The Digital Speedometer’s Many Improvements Over the Years
A digital speedometer is a device which gives the current speed of a moving object. It can generally be seen in motor vehicles. Like the older models, this device is essential in operating vehicles too, because it gives the person in control of the vehicle/machine awareness of his/her speed so he/she can maintain the correct velocity and avoid crashing with something along the road.
The digital speedometer has a couple of advantages over its ancestor, the analogue speedometer. One of the advantages is that digital ones produce more accurate and reliable readings. This is because digital speedometers use speed sensors which actually reads the vehicle’s moving rate, and then sending results to the speedometer’s microprocessor, which is responsible for the display. Another advantage is that digital speedometers display the speed measurement in numbers, which is a lot more readable than the clock-like display of analogue ones. Drivers suffering from deteriorated vision would surely prefer digital ones as they would no longer need to stare at the pointers and the somehow unclear lines between the digits on the clock-like display.
There had not been a lot of revisions in the digital speedometer. As a matter of fact, only a couple of new parts have been added to make it do its duties properly. As I’ve mentioned in the previous paragraph, it has and should always have a microprocessor that comes with an IC1 and an IC3. The IC1 acts as a mini computer and regulates the voltage of the speedometer while the IC3, a mini drive, gives a lot of special functions like latch, reset functions, and gating signal functions. As for the speedometer’s display, a 2 column LCD mini-monitor which can show up to 16 characters is provided.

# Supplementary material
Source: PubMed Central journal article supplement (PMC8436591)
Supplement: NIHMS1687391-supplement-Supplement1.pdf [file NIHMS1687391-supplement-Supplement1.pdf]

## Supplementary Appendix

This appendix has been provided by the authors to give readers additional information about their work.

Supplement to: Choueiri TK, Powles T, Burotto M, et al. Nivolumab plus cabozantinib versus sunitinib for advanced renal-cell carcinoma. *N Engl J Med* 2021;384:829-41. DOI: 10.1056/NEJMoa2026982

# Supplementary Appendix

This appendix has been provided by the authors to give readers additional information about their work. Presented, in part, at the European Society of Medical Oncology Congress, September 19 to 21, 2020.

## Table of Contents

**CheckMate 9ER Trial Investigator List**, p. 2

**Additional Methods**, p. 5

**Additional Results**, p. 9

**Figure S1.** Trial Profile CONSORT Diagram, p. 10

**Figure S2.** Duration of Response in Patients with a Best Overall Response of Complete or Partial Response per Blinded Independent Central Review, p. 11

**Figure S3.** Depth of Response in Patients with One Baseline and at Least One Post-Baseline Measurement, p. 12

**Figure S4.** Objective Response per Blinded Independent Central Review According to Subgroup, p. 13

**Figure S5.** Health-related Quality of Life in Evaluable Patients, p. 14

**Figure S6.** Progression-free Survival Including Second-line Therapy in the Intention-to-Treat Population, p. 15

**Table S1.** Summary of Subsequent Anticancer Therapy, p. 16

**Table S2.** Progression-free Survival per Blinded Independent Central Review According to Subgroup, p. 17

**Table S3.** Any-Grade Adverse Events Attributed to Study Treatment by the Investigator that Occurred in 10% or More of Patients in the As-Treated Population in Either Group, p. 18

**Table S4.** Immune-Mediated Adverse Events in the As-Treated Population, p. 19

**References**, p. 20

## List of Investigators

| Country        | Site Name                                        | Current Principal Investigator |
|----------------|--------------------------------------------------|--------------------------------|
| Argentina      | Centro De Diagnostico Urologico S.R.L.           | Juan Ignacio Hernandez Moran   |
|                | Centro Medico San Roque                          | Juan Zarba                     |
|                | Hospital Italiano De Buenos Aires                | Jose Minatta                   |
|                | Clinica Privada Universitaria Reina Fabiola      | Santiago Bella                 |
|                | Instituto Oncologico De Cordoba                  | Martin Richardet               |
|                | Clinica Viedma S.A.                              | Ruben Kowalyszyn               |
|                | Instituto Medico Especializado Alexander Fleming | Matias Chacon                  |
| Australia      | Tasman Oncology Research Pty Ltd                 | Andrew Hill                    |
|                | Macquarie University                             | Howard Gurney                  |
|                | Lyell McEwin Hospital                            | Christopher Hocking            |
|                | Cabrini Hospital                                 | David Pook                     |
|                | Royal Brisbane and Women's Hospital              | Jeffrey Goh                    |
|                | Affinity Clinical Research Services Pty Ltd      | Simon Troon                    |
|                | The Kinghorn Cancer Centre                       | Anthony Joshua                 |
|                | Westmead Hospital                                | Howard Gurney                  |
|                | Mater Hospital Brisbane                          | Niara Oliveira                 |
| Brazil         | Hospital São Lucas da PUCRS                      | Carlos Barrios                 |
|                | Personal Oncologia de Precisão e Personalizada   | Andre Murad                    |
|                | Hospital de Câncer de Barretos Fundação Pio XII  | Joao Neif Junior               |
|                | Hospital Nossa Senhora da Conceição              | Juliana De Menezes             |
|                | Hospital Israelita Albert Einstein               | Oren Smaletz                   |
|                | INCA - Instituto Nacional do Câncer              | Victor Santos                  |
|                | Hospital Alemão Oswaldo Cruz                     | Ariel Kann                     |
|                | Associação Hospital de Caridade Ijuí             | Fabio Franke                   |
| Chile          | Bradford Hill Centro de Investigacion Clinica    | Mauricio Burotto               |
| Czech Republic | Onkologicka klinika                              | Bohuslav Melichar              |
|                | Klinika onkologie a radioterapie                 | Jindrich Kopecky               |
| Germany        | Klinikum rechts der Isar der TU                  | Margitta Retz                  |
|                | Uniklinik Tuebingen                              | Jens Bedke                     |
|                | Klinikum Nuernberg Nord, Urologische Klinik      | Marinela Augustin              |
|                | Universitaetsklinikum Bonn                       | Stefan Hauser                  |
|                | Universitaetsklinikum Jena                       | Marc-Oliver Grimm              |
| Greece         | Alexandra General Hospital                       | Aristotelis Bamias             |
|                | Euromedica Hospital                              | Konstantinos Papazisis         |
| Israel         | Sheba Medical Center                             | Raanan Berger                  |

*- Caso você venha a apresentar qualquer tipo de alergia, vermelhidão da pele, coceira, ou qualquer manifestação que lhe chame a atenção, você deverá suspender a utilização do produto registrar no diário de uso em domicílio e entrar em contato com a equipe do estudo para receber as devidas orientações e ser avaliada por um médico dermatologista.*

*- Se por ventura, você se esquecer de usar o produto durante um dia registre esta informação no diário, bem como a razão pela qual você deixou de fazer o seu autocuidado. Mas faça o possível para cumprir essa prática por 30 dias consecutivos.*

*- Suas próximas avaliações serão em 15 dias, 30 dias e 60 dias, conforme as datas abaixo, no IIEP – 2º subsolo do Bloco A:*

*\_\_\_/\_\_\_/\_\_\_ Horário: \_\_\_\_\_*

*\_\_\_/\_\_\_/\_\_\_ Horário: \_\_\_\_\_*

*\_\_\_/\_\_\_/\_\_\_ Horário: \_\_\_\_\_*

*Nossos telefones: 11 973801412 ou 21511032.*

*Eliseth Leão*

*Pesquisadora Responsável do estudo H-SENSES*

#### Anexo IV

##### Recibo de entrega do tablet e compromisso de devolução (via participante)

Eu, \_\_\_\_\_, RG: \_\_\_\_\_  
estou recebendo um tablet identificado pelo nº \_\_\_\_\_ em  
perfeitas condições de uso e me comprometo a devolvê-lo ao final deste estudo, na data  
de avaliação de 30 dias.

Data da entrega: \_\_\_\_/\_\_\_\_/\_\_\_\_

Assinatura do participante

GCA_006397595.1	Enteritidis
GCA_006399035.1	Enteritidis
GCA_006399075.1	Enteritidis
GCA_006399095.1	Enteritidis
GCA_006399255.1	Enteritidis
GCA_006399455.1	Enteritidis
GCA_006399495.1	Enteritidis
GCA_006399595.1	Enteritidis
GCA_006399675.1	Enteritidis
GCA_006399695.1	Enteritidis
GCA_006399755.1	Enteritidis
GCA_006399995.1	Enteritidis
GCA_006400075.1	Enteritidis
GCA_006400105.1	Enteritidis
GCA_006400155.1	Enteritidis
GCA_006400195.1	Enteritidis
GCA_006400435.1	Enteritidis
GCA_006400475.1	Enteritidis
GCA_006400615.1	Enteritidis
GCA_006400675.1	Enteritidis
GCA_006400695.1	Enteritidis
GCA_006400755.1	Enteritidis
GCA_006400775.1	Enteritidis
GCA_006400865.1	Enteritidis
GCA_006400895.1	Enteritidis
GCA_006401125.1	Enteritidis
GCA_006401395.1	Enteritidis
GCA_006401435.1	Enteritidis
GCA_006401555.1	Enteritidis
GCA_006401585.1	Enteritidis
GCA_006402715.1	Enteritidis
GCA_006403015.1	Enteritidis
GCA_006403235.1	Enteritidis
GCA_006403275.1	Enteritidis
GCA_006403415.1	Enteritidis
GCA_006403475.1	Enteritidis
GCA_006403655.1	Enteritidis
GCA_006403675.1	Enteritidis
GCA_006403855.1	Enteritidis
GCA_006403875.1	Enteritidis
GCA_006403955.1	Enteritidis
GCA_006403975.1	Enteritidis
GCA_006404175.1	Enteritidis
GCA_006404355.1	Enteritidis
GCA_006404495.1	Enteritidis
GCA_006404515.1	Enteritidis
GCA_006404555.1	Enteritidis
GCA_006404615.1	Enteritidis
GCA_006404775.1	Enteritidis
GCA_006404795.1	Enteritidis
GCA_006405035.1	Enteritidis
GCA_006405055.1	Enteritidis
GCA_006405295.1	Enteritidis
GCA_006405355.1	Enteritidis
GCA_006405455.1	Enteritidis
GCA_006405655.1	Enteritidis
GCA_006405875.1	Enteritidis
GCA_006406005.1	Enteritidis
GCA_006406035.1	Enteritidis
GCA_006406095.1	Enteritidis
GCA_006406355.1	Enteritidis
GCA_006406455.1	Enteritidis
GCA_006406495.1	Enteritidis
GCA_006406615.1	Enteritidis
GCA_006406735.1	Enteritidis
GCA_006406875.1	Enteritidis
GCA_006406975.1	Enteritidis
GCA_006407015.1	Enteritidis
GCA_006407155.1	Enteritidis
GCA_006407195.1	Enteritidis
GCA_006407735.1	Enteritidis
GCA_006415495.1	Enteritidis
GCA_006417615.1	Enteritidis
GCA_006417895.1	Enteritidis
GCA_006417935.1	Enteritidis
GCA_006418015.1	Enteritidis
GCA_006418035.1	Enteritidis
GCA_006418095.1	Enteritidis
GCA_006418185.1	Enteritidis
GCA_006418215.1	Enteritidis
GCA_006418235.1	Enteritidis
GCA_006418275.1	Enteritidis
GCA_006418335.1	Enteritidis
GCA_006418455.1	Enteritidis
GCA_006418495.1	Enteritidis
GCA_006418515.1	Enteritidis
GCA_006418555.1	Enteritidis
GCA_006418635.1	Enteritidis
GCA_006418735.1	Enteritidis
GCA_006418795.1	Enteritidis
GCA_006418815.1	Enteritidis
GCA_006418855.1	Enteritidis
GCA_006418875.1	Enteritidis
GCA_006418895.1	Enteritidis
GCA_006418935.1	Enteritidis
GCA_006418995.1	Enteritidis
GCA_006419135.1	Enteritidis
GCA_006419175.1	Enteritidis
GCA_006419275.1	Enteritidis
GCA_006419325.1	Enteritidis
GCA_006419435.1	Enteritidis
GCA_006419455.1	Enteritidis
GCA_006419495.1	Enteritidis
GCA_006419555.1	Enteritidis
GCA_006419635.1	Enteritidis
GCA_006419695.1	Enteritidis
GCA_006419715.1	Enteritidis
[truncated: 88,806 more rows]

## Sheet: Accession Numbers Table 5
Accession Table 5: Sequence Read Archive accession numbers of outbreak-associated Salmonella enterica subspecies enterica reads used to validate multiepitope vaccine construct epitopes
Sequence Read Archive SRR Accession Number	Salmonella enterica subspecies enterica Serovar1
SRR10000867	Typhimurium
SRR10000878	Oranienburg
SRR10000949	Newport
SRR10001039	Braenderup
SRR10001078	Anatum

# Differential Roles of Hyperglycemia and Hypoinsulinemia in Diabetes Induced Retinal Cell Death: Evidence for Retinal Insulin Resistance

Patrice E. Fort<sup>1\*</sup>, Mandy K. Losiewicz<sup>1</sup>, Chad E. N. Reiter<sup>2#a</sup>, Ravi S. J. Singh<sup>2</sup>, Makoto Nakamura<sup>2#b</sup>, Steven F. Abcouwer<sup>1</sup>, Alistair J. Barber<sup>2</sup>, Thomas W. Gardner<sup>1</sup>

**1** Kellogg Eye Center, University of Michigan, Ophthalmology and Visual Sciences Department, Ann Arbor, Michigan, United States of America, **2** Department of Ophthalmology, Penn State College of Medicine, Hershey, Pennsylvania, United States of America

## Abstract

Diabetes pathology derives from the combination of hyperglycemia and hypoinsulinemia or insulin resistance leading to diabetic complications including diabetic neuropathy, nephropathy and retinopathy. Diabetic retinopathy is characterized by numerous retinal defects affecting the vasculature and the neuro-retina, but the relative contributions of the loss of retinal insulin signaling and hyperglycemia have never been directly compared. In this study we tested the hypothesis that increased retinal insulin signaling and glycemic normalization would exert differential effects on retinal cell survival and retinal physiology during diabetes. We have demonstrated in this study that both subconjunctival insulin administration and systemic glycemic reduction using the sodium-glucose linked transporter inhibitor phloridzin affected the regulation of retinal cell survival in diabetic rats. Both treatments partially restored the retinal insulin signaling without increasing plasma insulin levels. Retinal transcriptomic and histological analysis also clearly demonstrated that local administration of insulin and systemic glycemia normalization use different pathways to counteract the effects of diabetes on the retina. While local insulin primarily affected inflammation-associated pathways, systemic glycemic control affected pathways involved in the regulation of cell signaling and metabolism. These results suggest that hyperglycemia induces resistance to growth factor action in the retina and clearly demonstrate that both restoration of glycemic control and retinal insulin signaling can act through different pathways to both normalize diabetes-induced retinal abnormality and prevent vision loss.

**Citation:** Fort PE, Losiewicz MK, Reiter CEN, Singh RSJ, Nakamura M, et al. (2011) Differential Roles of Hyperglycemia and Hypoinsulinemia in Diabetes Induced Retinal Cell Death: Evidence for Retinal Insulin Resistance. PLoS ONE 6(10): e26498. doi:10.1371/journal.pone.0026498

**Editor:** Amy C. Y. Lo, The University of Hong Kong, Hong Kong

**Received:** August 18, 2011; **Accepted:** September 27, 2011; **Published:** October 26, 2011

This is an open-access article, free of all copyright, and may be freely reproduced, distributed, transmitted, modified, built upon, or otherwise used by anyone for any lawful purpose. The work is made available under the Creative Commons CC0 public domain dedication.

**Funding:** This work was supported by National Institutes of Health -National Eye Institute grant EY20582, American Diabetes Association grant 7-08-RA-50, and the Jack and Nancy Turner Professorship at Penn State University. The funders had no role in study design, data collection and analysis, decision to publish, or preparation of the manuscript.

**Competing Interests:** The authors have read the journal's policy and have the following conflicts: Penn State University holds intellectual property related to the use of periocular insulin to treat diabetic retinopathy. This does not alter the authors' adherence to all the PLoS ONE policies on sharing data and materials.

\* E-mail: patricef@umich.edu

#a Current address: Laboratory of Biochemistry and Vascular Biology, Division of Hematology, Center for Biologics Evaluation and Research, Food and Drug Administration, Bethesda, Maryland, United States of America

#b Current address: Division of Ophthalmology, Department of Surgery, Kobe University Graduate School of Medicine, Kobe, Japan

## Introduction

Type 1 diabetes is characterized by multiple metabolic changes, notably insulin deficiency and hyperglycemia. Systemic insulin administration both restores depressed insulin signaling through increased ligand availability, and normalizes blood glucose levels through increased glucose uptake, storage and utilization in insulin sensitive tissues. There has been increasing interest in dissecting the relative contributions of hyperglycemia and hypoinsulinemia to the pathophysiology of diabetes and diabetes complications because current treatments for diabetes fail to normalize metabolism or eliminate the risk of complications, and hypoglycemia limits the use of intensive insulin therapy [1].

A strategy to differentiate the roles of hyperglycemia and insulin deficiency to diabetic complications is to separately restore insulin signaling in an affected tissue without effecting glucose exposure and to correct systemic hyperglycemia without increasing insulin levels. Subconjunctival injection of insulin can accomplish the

Outside the mini-computer system is the IC4 and a detector which measures the rate of the wheels’ rotation. A magnet is attached to a wheel for sensing. It will pass by the detector once in every rotation of the wheels; each rotation is equivalent to a single detection. The detector will then generate pulses depending on the number of detections it has made (the ratio is 1:1). The pulses will then be computed by the IC1, after which the digits indicating the speed (miles or kilometres) per hour will appear on the LCD. An interesting feature has been added to the latest models too, that is, the ability to calculate how far the vehicle has travelled from the last time the engine had been started up to the last time it had stopped.
It is a fact that both the analogue and digital speedometers cannot give the exact rate at which a vehicle runs. The digital speedometer however has the edge over analogue ones in terms of accuracy, as it is the “upgrade” of its predecessor. They may have some differences, but they share a common purpose, that is, to give guidance to the driver for safe driving.